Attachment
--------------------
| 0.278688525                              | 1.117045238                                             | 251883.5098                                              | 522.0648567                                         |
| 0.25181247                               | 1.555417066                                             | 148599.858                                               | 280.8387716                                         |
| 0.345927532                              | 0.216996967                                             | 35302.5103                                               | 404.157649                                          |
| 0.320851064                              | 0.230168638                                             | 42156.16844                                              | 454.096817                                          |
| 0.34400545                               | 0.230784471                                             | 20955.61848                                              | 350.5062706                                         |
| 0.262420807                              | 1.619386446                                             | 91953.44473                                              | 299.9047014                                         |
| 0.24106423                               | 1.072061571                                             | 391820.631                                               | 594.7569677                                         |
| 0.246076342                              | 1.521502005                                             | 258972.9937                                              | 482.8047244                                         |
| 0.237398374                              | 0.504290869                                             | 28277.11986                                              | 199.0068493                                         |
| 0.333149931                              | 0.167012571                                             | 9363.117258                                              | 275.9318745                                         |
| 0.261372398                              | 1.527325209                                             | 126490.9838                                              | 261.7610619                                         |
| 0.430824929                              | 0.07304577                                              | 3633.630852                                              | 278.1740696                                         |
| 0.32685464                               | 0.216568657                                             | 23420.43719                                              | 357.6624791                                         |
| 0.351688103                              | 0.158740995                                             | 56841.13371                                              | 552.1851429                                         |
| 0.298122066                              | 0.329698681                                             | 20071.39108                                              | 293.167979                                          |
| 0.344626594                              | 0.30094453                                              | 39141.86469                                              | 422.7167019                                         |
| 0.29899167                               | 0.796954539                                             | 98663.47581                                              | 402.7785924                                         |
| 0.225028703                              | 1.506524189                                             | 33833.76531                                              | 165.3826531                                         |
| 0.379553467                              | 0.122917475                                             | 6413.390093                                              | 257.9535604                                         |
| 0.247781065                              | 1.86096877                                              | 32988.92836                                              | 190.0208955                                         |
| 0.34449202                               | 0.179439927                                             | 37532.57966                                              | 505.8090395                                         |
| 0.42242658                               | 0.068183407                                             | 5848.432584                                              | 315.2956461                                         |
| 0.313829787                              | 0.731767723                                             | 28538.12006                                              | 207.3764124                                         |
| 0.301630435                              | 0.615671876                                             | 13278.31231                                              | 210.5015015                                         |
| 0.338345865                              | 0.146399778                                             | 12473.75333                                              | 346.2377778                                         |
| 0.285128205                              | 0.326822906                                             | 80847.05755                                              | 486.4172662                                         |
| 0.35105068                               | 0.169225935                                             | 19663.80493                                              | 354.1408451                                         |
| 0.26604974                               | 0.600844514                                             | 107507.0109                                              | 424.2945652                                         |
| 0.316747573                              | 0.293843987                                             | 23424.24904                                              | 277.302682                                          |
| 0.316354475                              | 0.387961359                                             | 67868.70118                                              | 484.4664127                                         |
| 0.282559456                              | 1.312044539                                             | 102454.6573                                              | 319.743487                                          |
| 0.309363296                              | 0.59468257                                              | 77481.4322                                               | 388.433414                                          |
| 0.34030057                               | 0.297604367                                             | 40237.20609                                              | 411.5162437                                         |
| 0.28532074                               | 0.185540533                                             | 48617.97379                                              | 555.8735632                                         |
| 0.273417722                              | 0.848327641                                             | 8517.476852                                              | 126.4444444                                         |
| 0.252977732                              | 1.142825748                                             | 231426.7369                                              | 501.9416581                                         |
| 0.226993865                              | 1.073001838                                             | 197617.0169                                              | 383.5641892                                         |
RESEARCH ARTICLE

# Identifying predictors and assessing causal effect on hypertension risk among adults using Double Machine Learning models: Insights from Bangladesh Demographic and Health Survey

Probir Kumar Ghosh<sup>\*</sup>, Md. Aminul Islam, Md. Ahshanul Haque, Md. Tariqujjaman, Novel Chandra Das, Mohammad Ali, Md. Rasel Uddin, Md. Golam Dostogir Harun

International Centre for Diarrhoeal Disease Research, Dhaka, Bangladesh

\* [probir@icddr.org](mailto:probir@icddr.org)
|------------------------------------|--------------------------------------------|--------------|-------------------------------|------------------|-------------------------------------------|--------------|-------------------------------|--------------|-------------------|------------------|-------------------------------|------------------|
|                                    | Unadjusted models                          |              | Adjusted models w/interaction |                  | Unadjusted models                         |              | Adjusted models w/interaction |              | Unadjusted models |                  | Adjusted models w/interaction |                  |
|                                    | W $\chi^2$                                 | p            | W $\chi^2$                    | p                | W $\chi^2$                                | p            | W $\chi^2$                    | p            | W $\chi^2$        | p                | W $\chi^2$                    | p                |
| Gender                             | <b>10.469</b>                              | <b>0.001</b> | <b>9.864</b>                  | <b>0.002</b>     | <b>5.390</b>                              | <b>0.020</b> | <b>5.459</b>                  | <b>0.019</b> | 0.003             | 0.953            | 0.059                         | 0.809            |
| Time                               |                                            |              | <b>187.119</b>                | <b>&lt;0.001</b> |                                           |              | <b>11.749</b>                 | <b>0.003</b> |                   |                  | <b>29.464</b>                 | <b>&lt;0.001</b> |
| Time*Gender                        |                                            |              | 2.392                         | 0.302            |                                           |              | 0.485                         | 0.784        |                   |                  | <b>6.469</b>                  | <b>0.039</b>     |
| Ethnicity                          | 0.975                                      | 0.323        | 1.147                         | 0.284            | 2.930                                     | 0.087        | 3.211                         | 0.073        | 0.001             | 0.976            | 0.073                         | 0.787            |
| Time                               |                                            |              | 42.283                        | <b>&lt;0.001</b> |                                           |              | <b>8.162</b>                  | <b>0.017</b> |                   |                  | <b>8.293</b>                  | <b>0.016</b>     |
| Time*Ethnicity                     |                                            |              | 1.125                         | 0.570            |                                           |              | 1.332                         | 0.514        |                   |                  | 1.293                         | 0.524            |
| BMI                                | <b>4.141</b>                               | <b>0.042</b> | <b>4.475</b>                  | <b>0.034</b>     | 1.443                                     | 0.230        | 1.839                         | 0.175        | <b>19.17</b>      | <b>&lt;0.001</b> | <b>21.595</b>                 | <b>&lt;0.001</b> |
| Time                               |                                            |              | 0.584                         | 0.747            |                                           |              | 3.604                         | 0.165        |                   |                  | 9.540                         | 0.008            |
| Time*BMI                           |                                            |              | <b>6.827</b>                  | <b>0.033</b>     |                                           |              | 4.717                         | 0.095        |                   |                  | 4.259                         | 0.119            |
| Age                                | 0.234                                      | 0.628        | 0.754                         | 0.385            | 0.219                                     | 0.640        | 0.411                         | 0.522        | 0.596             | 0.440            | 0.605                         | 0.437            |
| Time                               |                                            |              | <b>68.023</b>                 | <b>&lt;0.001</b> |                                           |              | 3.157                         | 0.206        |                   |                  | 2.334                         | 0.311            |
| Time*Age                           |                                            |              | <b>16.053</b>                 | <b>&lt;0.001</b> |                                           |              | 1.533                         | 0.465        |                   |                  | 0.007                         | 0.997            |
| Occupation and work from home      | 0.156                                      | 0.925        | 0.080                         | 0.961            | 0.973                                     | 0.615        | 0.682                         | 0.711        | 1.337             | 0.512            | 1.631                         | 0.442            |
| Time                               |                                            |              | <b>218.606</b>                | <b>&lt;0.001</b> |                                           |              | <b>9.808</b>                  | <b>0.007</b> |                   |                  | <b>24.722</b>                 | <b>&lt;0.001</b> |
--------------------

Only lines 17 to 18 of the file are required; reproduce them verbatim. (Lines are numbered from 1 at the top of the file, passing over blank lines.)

| 0.29899167                               | 0.796954539                                             | 98663.47581                                              | 402.7785924                                         |
| 0.225028703                              | 1.506524189                                             | 33833.76531                                              | 165.3826531                                         |